Nehemiah: A leader ready for Conflict.

Today in a meeting, I turned my head quickly to speak to the person sitting beside me, and I got a quick sharp pain in my neck. Those little moments remind me of how much I fail to appreciate that all the members of my body work properly each day. Many of us have had moments like this when a pain or sickness humbled us to be grateful for our usual pain free existence. We take medicine, go to therapy, or make life style changes in order to avoid pain. Or more specifically, to avoid a member of our body not working properly. The hard truth is no matter how much attention and time we invest into being healthy, we can not reverse the clock, and members of our body will eventually break down. Its unavoidable.

I love that Paul uses the illustration of the human body to describe the Church. Christ is the head, and we are the body with many members. Paul understood every member of the body serves a purpose, and although there are some members of the body we can live without, no one desires to live without them. In the letter to the Philippians, Paul describes his upbringing, and education as a Religious Allstar. No doubt he was very familiar with the story of Nehemiah. A leader ready for conflict. Nehemiah put swords and hammers in the hands of people because he anticipated conflict. He knew it was unavoidable. He had a vision to rebuild the city walls, but knew that they would experience conflict. Good Leaders know that like our physical bodies, the body of Christ has members that will eventually break down. There are so many reasons why some members may be in conflict with vision, or we ourselves find that we are in conflict with vision of a leader. Here are a few.

1. Too little or too much communication.
2. A Non-Formal Chain of Command (Structure)
3. Personal Variables

For people to work together there must be good oral and written communication. Leaders need to make sure they make the vision plain so others can pick it up and run with it. A sure fire way to frustrate teams is to leave them in the dark. Also, when people don’t know who is actually in charge, or where the buck stops, people will test authority, ignore authority, or reject authority. Finally, some people just don’t gel with others, and their personal variables don’t compliment others. Personalities conflict, people are more or less emotional than others, and their values are different. These are just a few conditions that can lead to conflict in a church, business, or even a fantasy football league. So what should we do?

Be ready for it.

Nehemiah was a great leader who anticipated conflict. He used conflict to inspire those following him. Paul having learned all his life about leaders like Nehemiah describes the Church as a body. Conflict within the body is unavoidable, but with greater nourishment, care, and preparation there will be less conflict. In order to prevent members of our physical body from breaking down, we must take action, and not avoid the problems. Leaders must take action. Leaders can deal with conflict with other leaders or team members in a few different ways.

1. Compete- This attitude says, “Its my way or the highway.” Leaders who compete in conflict see others desires as opponents to their own satisfaction.
2. Collaborate- This attitude says,” Im trying to please everyone.” It has been my experience that this is impossible. Everyone on the team cannot be totally satisfied with how things are going. Therefore, someone will be disappointed.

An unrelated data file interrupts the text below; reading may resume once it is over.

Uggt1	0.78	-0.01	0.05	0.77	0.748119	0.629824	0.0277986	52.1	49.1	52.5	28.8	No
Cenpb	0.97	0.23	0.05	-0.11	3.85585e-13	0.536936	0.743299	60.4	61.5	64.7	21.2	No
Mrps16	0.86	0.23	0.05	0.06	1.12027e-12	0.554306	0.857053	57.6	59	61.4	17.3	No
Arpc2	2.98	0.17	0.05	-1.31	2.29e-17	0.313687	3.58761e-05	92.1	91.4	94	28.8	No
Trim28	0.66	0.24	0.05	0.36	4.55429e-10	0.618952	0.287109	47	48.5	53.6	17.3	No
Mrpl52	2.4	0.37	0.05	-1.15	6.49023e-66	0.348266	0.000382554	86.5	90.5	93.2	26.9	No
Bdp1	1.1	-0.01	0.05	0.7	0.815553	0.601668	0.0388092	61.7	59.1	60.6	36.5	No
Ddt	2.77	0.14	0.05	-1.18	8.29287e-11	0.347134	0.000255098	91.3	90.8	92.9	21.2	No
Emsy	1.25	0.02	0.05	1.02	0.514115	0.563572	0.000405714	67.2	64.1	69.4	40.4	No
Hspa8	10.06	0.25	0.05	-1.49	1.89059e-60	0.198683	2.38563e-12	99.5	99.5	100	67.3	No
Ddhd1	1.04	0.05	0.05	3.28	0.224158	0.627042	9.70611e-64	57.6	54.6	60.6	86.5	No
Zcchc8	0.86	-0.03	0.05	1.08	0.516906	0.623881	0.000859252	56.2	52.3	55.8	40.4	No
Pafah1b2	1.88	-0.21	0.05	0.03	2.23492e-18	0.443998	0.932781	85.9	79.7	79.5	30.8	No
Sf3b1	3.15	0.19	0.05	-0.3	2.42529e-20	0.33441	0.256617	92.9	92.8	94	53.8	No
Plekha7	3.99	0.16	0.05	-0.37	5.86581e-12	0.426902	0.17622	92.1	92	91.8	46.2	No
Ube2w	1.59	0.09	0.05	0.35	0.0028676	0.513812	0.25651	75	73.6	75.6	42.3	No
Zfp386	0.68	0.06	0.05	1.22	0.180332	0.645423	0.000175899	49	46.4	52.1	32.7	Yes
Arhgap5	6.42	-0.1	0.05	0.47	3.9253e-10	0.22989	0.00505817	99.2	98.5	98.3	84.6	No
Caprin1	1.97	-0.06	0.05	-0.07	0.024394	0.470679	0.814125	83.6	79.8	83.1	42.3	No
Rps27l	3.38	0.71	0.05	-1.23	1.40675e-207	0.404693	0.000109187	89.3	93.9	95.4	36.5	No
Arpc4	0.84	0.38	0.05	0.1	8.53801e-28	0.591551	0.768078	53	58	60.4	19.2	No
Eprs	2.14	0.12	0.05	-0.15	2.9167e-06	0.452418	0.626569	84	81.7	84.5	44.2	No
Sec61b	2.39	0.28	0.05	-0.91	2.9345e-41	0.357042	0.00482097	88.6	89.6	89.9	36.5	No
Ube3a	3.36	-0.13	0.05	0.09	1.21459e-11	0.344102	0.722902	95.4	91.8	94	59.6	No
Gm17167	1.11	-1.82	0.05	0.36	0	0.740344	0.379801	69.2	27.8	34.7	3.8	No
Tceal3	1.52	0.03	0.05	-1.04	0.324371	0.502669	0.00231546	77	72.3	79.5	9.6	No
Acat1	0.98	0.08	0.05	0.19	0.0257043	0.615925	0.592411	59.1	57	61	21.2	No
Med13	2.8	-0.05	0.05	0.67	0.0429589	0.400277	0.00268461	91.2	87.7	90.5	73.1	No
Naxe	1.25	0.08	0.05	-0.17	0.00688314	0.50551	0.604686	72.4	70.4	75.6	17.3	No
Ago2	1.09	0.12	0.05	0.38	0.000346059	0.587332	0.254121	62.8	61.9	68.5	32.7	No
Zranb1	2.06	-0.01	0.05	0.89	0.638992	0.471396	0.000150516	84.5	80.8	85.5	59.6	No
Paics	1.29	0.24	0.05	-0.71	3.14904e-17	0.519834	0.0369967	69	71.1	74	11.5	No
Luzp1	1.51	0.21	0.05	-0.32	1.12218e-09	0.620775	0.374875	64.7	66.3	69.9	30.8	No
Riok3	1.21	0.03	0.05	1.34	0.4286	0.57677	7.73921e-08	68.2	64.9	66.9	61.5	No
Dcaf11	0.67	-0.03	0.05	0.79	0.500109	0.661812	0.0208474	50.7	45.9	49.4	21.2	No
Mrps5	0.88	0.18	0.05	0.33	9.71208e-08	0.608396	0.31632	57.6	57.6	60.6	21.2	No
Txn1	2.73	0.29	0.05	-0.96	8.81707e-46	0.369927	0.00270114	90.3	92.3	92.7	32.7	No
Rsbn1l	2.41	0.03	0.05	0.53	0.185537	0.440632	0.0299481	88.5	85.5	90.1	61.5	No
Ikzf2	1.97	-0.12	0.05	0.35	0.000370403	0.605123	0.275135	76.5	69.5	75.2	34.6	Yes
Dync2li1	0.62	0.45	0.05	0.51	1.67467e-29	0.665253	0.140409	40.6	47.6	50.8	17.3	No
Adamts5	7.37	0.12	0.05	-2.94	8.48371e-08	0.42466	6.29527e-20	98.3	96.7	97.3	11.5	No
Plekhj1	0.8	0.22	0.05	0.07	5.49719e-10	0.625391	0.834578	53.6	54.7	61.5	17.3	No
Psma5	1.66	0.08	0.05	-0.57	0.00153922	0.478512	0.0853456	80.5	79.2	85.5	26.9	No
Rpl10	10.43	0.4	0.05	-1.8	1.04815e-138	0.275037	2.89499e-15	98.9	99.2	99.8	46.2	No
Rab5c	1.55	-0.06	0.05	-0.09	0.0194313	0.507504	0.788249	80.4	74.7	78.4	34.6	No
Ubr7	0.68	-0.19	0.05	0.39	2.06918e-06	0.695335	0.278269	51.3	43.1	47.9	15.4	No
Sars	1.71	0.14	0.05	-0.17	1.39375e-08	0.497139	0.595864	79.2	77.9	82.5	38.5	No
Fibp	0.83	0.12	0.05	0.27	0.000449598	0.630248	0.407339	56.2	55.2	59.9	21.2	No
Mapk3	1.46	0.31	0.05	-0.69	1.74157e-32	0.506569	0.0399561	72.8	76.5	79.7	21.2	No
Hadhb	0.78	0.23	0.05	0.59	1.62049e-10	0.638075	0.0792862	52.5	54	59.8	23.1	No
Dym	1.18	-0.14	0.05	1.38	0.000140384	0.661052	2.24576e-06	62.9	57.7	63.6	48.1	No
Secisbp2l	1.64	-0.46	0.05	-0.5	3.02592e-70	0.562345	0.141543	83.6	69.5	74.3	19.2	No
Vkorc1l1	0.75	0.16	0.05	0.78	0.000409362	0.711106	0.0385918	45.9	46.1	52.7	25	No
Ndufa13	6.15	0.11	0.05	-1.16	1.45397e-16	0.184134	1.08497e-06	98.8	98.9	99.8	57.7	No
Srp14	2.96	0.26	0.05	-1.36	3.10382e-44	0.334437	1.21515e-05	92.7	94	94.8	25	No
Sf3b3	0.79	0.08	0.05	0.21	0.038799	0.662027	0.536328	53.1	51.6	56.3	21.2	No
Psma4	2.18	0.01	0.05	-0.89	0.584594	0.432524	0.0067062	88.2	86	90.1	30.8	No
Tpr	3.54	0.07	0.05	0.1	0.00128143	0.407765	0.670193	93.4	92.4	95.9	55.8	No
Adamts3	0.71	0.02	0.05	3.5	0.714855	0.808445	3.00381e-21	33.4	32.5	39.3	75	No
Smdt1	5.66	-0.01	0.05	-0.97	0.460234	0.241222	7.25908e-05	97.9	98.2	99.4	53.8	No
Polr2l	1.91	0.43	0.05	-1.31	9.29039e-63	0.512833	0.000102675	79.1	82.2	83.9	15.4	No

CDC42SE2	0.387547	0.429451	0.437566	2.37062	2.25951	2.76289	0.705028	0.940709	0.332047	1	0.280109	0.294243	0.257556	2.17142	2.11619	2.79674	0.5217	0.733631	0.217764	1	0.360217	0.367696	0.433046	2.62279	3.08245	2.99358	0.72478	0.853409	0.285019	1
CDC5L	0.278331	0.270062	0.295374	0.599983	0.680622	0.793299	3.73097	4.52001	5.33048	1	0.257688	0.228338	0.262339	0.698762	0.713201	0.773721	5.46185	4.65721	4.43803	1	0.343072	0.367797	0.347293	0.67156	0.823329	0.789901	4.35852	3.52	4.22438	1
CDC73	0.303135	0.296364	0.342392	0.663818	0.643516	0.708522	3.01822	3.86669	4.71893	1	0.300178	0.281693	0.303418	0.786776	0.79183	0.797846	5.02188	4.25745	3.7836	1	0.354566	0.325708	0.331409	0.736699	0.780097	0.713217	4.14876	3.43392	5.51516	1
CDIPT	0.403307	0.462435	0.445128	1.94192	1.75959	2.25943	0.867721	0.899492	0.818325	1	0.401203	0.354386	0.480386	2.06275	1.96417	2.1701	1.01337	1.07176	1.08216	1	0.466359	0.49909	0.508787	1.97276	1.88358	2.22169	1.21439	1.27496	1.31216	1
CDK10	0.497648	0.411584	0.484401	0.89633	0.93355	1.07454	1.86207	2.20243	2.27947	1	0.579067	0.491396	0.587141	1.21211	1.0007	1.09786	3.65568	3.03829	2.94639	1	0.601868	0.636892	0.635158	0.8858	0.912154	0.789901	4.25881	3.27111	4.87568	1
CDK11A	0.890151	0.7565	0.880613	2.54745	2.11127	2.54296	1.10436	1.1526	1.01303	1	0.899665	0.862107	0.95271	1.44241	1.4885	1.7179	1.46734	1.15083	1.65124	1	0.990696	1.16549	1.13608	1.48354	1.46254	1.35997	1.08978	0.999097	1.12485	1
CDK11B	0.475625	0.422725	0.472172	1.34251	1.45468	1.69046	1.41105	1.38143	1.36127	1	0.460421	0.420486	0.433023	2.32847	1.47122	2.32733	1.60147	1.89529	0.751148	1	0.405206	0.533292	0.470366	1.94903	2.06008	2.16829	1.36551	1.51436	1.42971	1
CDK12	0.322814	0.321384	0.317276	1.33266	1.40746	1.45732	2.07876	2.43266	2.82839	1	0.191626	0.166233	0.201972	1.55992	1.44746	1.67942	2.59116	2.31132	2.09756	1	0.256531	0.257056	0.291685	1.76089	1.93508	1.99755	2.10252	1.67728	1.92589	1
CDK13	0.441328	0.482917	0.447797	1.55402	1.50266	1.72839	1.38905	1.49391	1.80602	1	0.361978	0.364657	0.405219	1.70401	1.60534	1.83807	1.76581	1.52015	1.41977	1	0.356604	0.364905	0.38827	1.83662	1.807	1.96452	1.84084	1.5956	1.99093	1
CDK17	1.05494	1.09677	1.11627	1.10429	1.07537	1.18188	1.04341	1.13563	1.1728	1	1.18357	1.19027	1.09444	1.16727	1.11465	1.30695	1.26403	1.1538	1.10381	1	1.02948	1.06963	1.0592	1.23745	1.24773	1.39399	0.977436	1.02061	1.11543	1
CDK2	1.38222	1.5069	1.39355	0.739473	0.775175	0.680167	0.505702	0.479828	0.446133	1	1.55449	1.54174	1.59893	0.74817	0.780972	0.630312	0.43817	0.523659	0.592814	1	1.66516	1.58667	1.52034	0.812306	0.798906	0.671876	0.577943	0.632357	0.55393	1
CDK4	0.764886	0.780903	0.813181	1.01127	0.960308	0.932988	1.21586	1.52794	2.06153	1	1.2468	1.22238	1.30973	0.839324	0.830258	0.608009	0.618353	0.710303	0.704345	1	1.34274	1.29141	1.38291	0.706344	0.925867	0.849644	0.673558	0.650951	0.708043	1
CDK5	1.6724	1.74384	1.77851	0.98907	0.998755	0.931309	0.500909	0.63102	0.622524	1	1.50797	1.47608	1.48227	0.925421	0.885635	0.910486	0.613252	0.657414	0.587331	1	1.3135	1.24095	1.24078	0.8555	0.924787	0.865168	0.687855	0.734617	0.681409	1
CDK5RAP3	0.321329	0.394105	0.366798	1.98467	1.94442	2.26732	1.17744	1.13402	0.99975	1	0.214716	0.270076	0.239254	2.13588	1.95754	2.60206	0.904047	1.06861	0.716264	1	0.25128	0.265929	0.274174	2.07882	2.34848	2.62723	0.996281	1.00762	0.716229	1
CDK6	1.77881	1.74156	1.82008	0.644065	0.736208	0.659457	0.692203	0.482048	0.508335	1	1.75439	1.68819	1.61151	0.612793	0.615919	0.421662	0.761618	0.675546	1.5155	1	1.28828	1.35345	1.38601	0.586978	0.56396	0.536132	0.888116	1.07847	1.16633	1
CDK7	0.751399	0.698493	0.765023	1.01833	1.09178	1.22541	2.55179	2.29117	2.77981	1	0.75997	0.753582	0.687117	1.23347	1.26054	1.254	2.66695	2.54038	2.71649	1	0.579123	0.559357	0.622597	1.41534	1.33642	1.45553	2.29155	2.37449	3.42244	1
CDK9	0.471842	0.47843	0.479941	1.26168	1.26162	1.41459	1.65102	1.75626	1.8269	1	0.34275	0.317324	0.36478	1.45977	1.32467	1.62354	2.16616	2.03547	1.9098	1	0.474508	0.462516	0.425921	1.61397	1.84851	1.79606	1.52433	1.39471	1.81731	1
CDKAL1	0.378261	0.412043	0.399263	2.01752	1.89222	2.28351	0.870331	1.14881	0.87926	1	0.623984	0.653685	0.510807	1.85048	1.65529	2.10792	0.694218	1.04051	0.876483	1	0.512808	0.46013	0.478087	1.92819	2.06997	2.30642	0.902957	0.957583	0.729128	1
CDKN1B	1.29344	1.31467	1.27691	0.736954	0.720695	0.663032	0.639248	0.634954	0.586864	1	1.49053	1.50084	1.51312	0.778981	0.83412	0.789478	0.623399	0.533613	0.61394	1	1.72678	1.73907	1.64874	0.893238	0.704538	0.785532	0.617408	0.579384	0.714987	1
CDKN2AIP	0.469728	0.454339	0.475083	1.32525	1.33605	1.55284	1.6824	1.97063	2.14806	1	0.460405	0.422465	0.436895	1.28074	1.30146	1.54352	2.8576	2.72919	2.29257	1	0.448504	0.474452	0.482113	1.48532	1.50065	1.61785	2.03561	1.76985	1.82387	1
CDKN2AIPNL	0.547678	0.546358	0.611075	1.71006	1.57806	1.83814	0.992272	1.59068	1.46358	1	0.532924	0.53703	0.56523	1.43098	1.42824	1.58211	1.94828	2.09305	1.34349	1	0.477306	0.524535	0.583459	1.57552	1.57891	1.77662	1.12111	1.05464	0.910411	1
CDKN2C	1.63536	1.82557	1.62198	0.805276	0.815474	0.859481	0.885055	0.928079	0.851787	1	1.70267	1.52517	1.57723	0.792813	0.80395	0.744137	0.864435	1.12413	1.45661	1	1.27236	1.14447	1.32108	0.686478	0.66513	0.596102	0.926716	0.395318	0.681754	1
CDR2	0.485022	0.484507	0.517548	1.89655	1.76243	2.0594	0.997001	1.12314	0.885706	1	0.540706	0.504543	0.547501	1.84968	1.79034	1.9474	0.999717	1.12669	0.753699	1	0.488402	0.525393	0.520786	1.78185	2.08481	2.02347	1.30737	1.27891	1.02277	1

3. Avoid- “This attitude says, “If I ignore the problems they will go away.” No one with any sense would recommend this type of behavior in leaders. Leaders call the shots and take the shots, and if leaders avoid conflict, they avoid people questioning their leadership style. Take courage, don’t avoid conflict, and use it to be better.
4. Accommodate- This attitude says, “I will sacrifice what I want to satisfy others interest.” Sometimes leaders have to count the cost of something going their way or losing value in the minds of those on their team. When people voice their disagreement, leaders must consider their reasonable ideas. This requires servant leadership and self denial on the part of those in charge.
5. Compromise. This attitude says, “We all need to budge a little to come to agreement.” There is no clear winner, but a decision is made, and it is all for the good of the overall vision, and not the preferences of individuals.

Leaders need to discern which one of these is appropriate for each conflict, because none of them are exactly the same. Lastly, and most importantly as leaders we must see conflict as a way to improve. In the book of Acts chapter fifteen Paul experiences a real conflict with Barnabas. They are on a journey to go and strengthen churches, and Barnabas wants to bring a disciple named Mark along with them. Paul disagrees because of the way Mark had previously behaved when they were with him before. Acts then says Paul and Barnabas were in sharp disagreement. I was recently in Jacksonville, FL attending the Church of Eleven 22, and the Pastor Joby Martin said it best, “That conflict should sharpen leaders, and when we disagree it should refine what we really believe, who we are, and what we stand for.”

Ultimately, conflict should make us better leaders, because our style, methods, beliefs, and values should be questioned. Most leaders don’t like it when people on their team question their intentions or decisions. As long as they do so with humility and respect, leaders are obligated to make sure their teams know their vision, and why they do what they do. Sharp disagreement sharpens leaders, because they must think critically about their decisions. So be a leader ready for conflict.


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